It is hoped that these alterations in the present mode of procedure will not only be quite satisfactory to the accused person (which is the first great consideration), but will also tend, in a tolerable degree, to the welfare and safety of society. For it is not sought in this moderate and prudent measure to be wholly denied that it is an inconvenience to Society to be poisoned overmuch.
LEIGH HUNT: A REMONSTRANCE
"The sense of beauty and gentleness, of moral beauty and faithful gentleness, grew upon him as the clear evening closed in. When he went to visit his relative at Putney, he still carried with him his work, and the books he more immediately wanted. Although his bodily powers had been giving way, his most conspicuous qualities, his memory for books, and his affection remained; and when his hair was white, when his ample chest had grown slender, when the very proportion of his height had visibly lessened, his step was still ready, and his dark eyes brightened at every happy expression, and at every thought of kindness. His death was simply exhaustion; he broke off his work to lie down and repose. So gentle was the final approach, that he scarcely recognised it till the very last, and then it came without terrors. His physical suffering had not been severe; at the latest hour he said that his only uneasiness was failing breath. And that failing breath was used to express his sense of the inexhaustible kindness he had received from the family who had been so unexpectedly made his nurses,--to draw from one of his sons, by minute, eager, and searching questions, all that he could learn about the latest vicissitudes and growing hopes of Italy,--to ask the friends and children around him for news of those whom he loved,--and to send love and messages to the absent who loved him."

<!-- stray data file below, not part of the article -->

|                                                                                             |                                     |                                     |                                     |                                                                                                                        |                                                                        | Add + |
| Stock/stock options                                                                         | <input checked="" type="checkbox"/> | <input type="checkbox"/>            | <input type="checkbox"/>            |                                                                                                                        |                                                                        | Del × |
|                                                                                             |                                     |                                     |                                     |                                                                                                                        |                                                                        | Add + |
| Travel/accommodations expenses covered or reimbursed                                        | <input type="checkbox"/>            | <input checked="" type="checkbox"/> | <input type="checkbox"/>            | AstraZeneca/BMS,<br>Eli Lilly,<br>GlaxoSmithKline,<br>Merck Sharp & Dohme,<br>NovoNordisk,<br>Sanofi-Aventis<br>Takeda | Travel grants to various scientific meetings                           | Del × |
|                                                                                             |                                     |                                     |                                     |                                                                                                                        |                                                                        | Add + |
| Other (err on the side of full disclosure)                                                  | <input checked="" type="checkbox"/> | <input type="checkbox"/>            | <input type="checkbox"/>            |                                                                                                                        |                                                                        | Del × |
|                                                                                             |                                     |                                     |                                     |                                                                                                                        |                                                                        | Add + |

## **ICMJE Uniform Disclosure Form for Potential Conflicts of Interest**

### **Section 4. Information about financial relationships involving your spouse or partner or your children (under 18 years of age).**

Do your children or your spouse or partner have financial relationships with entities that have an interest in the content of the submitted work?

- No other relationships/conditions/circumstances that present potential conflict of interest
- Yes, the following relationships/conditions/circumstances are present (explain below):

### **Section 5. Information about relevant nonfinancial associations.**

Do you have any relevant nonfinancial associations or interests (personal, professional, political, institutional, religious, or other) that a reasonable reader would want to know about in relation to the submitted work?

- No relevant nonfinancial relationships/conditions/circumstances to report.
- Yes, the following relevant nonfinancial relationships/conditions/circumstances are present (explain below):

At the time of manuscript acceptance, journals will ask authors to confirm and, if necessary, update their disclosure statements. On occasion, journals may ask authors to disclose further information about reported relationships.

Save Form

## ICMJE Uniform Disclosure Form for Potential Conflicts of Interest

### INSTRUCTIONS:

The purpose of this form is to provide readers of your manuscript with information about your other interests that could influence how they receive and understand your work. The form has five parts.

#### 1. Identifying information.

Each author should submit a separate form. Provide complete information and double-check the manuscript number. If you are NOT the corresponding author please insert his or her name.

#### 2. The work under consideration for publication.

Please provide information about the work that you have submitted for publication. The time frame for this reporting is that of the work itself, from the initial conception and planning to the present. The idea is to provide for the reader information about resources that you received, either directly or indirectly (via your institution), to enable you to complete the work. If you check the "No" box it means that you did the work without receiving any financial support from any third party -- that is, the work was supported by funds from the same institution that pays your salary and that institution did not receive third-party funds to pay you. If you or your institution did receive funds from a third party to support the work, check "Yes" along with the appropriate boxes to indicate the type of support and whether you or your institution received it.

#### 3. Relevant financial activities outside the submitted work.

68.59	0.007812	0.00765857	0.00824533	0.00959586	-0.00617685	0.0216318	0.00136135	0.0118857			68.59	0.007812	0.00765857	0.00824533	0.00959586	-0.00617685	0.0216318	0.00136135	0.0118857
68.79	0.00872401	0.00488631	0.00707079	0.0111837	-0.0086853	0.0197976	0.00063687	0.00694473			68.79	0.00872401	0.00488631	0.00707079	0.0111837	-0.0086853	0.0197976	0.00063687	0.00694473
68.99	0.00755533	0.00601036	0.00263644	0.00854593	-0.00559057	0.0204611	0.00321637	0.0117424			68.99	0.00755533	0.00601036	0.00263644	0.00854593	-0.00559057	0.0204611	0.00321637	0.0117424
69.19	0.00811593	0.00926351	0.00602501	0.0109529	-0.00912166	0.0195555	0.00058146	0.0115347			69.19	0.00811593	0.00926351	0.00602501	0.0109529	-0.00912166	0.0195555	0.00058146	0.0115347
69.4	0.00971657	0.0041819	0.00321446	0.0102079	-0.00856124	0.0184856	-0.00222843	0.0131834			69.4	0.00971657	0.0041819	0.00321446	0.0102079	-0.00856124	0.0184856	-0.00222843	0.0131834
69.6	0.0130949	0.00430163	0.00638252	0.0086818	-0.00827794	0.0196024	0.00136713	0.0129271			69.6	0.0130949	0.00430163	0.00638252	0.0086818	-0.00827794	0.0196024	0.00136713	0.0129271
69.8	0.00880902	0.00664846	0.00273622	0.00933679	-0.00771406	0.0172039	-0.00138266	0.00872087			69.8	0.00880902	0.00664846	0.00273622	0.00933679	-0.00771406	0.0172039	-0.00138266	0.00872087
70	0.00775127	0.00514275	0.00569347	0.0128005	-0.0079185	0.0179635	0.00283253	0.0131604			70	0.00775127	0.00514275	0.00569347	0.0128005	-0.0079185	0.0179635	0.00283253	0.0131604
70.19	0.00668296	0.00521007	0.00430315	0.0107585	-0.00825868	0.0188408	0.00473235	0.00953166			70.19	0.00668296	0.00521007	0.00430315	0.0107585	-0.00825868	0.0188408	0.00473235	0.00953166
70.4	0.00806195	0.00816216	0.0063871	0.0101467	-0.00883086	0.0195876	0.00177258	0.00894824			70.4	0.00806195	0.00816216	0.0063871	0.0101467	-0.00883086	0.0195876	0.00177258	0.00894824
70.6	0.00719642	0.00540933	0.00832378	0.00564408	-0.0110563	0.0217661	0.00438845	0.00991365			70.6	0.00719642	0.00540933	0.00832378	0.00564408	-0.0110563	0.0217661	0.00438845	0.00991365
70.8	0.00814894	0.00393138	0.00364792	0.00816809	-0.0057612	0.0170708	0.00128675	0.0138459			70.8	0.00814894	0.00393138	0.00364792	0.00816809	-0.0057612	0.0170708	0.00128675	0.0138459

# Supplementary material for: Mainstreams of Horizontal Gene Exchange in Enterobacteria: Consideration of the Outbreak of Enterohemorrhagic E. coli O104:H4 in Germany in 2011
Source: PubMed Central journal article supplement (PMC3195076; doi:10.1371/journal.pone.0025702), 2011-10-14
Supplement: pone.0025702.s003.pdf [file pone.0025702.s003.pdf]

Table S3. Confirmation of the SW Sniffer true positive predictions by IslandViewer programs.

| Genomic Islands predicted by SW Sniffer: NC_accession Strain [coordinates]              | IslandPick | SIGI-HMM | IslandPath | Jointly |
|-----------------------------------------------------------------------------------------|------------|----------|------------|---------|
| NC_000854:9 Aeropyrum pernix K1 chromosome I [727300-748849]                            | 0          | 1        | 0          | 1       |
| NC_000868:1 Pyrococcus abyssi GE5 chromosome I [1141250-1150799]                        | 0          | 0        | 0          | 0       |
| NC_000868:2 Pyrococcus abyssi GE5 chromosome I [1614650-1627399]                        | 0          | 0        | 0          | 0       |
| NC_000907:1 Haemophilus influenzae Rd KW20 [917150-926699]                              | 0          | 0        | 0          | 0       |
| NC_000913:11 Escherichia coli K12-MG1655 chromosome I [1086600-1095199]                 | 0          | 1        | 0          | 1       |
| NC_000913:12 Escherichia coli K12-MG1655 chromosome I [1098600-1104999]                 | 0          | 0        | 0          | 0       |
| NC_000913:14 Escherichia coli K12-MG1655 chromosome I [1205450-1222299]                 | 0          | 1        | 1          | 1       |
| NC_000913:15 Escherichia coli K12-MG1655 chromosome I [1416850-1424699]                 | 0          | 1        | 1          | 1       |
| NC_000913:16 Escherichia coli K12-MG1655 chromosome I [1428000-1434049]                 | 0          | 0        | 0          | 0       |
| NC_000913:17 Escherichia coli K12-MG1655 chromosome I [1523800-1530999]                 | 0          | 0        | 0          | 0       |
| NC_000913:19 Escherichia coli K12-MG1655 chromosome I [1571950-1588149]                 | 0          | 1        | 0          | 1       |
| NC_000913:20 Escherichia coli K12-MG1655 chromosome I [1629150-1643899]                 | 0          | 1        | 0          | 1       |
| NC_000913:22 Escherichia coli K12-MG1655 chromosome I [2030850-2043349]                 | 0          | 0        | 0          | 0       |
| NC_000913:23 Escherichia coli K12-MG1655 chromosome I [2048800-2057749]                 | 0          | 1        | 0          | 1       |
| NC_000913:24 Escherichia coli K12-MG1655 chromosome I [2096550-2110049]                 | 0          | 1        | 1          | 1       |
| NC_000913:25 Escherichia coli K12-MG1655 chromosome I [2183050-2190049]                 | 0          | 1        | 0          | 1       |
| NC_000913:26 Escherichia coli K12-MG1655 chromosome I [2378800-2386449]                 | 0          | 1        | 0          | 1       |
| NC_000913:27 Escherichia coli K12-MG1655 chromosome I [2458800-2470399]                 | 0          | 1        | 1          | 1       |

Thus, with a manly simplicity and filial affection, writes the eldest son of Leigh Hunt in recording his father's death. These are the closing words of a new edition of The Autobiography of Leigh Hunt, published by Messrs. Smith and Elder, of Cornhill, revised by that son, and enriched with an introductory chapter of remarkable beauty and tenderness. The son's first presentation of his father to the reader, "rather tall, straight as an arrow, looking slenderer than he really was; his hair black and shining, and slightly inclined to wave; his head high, his forehead straight and white, his eyes black and sparkling, his general complexion dark; in his whole carriage and manner an extraordinary degree of life," completes the picture. It is the picture of the flourishing and fading away of man that is born of a woman and hath but a short time to live.
In his presentation of his father's moral nature and intellectual qualities, Mr Hunt is no less faithful and no less touching. Those who knew Leigh Hunt, will see the bright face and hear the musical voice again, when he is recalled to them in this passage: "Even at seasons of the greatest depression in his fortunes, he always attracted many visitors, but still not so much for any repute that attended him as for his personal qualities. Few men were more attractive, in society, whether in a large company or over the fireside.